There is no doubt that NATO collective defence commitment is credible and Allies have sufficient capabilities to implement it, which has been an important stability factor in the entire Euro-Atlantic area. Furthermore, Allies continue to make full use of the existing NATO-Russia Council, which provides a good framework to address issues of transparency and mutual confidence as well as the remaining concerns regarding military activities and other outstanding issues.
How Lithuanian leaders see the common interests of the Baltic States in foreign policy? How the coordinated action of three states in the international arena can affect relations with Russia and strengthening their position within the EU?
Leaders of the three Baltic States exchange their opinions regularly and coordinate their positions on the vast number of issues related to trilateral as well as the EU and NATO agendas, such as military cooperation, cyberdefence, energy security, trade relations, environment protection, cultural exchange, and others. We seek to find a common denominator among the Lithuanian, Latvian and Estonian positions, and thus to speak in one voice within the international community. Just recently our three Presidents met with US President Barack Obama to once again reaffirm the importance of the strategic partnership of our trio as well as reconfirm our strong ties and commitments to our closest international allies. Being in the direct neighbourhood with Russia, Lithuania, Latvia, and Estonia share special responsibility for the Baltic-Russian as well as EU-Russian relations. We all strive that it is a constructive and pragmatic cooperation based on reciprocal respect and shared interests.
UW: There have been talks of energy diversification in Ukraine for a while now. This issue is equally important for Lithuania which buys Russian gas at the highest price in Europe. However, Lithuania has initiated and implemented the project to build an LNG terminal and implemented the EU Third Energy Package. How has Vilnius accomplished this?
Lithuania, although an “energy island” within the EU, is one of the most active promoters and supporters of the 2011 EU Council decision to create a fully functioning internal EU energy market by 2014 and to eliminate energy isolation by 2015. To increase security of supply, competitiveness and sustainability in the energy sector, Lithuania is implementing a number of strategic energy projects: power interconnections with Poland and Sweden, gas interconnection with Poland, and LNG terminal. The 2009 European Commission’s initiative to deliver the Baltic Energy Market Interconnection Plan (BEMIP) (a comprehensive Action Plan on energy interconnections and market improvement in the Baltic Sea Region) provided clear steps and concrete measures to be taken to better connect the Baltic countries to the wider EU energy networks. Therefore most projects that are currently under implementation are of regional significance and must be carried out in close cooperation with our regional partners.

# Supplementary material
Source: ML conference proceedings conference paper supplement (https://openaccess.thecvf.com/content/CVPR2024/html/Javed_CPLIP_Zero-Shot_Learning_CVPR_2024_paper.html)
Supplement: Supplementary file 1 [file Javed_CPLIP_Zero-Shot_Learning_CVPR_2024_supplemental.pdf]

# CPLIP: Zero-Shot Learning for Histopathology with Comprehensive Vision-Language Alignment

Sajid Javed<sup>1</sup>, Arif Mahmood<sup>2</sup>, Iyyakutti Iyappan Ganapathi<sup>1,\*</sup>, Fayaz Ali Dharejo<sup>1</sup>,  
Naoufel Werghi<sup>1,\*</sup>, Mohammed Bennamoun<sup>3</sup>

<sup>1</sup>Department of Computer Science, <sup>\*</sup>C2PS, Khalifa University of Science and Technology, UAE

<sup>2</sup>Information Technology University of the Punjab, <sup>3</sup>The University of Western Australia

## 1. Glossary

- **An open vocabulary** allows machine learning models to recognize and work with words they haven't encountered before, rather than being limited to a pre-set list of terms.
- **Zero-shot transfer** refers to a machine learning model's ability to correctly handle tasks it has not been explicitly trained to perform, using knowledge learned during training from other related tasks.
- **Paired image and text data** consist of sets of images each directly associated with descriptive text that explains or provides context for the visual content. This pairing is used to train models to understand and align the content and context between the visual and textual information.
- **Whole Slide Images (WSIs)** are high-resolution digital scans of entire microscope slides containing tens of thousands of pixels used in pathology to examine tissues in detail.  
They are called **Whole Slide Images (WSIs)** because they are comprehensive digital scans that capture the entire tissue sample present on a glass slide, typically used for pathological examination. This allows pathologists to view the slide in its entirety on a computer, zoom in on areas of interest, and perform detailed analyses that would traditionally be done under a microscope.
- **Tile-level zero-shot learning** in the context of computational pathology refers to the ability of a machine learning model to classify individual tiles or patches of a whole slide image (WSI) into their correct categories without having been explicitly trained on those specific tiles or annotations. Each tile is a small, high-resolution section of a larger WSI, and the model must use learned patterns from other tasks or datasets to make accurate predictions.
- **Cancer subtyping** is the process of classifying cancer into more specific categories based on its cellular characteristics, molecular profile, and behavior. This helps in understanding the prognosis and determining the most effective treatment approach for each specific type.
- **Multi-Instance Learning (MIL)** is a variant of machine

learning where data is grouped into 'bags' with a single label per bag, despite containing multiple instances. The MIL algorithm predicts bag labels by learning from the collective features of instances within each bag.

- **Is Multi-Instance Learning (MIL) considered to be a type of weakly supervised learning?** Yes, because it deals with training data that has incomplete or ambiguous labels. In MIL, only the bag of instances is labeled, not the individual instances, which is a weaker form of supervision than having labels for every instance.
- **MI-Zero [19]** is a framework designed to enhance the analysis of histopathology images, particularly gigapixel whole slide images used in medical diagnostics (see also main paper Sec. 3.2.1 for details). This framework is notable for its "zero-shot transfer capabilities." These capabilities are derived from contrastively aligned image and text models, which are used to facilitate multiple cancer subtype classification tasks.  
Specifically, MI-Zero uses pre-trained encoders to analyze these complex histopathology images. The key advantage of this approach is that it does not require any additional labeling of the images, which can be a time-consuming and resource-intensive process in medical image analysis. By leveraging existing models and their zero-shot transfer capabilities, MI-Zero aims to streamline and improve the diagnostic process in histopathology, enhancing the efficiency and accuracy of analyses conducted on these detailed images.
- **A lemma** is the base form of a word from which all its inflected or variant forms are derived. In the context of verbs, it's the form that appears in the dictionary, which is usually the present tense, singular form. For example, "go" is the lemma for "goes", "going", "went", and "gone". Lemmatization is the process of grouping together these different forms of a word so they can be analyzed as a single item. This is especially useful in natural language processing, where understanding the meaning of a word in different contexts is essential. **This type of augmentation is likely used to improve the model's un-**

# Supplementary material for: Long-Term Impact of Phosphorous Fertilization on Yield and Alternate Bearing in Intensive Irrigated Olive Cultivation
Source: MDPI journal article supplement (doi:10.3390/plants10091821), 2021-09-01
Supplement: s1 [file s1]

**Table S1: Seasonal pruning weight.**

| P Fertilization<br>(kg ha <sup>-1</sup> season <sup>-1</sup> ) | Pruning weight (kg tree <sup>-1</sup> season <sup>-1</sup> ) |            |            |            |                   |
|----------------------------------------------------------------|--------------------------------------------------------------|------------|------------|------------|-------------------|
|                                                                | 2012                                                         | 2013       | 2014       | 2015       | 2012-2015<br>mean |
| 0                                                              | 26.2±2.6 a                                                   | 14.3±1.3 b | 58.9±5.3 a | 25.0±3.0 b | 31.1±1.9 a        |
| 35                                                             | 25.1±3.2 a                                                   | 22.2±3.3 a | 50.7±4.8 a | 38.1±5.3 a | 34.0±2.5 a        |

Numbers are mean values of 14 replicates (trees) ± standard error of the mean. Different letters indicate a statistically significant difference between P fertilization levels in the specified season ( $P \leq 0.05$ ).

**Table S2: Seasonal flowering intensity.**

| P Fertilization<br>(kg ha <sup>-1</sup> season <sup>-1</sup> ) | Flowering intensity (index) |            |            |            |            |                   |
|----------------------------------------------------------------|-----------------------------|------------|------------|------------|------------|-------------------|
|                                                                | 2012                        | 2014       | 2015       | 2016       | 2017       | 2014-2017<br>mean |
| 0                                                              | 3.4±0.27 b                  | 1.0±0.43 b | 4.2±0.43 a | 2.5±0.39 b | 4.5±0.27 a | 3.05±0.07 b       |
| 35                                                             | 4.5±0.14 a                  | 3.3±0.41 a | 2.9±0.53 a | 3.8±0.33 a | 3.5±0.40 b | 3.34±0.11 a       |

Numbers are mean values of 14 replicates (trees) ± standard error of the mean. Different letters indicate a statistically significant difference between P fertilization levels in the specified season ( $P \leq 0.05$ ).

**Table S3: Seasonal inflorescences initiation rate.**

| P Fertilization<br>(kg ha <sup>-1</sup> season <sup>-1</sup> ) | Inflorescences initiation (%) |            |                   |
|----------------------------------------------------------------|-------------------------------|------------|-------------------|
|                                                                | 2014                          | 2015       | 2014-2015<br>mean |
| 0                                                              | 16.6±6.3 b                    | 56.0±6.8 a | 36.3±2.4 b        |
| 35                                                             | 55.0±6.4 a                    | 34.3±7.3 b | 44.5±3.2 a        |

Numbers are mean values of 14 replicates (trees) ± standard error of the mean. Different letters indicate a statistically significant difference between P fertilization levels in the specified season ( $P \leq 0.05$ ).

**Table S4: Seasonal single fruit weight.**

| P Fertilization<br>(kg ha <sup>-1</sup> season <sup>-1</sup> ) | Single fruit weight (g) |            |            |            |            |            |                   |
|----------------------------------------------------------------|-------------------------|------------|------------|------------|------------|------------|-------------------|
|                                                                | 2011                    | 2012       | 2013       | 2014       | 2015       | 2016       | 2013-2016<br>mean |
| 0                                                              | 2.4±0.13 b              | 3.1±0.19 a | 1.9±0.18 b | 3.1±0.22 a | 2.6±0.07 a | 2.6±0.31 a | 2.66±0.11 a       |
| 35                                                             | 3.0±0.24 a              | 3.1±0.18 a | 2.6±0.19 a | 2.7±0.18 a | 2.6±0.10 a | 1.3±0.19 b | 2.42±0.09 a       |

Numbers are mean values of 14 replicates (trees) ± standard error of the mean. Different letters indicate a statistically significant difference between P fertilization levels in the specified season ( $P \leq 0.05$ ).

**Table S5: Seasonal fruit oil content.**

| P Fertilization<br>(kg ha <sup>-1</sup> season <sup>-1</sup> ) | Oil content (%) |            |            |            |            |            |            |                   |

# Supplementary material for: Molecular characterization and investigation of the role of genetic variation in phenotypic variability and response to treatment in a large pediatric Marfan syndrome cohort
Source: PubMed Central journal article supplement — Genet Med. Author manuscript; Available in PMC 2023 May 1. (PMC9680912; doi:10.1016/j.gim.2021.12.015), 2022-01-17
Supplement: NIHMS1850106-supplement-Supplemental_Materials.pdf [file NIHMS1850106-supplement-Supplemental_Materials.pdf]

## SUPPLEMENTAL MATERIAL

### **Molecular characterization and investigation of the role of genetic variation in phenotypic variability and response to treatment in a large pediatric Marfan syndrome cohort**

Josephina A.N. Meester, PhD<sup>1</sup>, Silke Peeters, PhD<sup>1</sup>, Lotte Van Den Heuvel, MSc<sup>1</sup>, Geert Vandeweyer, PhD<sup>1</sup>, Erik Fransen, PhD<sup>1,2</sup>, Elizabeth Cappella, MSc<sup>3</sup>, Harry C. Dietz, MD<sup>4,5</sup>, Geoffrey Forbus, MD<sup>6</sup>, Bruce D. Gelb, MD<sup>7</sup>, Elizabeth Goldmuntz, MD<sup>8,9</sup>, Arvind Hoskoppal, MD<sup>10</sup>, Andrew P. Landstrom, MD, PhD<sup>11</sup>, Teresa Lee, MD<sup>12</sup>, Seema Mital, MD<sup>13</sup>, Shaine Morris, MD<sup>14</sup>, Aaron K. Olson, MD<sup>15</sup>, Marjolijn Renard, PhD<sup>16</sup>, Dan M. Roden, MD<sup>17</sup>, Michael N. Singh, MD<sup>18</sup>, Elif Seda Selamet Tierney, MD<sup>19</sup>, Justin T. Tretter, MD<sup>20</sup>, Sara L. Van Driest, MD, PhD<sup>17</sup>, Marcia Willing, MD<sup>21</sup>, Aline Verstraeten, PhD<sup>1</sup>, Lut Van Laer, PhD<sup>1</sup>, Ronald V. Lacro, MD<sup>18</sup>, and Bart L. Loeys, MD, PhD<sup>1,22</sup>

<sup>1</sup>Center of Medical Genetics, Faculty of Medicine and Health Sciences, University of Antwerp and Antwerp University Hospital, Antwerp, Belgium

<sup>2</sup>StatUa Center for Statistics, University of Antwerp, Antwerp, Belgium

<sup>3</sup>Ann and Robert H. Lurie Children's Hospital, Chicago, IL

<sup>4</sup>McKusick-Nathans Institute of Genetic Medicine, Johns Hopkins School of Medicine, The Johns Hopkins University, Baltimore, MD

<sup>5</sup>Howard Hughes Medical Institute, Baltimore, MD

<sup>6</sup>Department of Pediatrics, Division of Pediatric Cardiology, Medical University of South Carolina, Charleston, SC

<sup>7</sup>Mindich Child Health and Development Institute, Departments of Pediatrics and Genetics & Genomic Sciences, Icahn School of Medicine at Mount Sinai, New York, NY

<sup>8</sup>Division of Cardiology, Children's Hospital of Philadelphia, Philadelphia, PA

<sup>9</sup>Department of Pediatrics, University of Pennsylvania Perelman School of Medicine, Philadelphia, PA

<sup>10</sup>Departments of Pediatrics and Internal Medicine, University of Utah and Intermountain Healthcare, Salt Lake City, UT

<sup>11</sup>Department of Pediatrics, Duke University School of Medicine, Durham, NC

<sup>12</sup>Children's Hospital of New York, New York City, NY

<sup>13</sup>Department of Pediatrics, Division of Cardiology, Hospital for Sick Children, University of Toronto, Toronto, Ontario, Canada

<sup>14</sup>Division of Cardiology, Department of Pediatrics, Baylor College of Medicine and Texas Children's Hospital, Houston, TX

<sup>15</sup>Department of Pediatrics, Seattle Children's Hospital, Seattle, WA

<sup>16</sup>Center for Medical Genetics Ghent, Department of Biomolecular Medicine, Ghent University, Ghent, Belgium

On the other hand, having necessary gas and electricity interconnections is not enough. Establishment of necessary legal basis to promote transparency and competitiveness in the energy sector is equally important. Successful implementation of the 3rd EU energy package also highly depends on cooperation and talks with energy companies, and of course in Lithuania’s case the European Commission’s support has been extremely important throughout the whole process.
UW: What are primary differences between post-communist transformations in Ukraine and Lithuania? Why are the two former Soviet countries in very different positions now?
More than twenty years have passed since Lithuania and Ukraine gained independence, but new challenges are emerging. I am convinced that the future and prosperity of Central Europe inevitably depends on our commitments to build democracy, develop liberal society, and follow common values.
Following the restoration of its independence, Lithuania immediately declared its choice: integration into the EU and NATO; and adopted the policy of restoration of historical justice, better known as the slogan “back to Europe”. All political parties reached a consensus on the membership in the EU and NATO as the principal foreign policy objective. And this strategy was successful: Lithuania became member of the EU and NATO in 2004.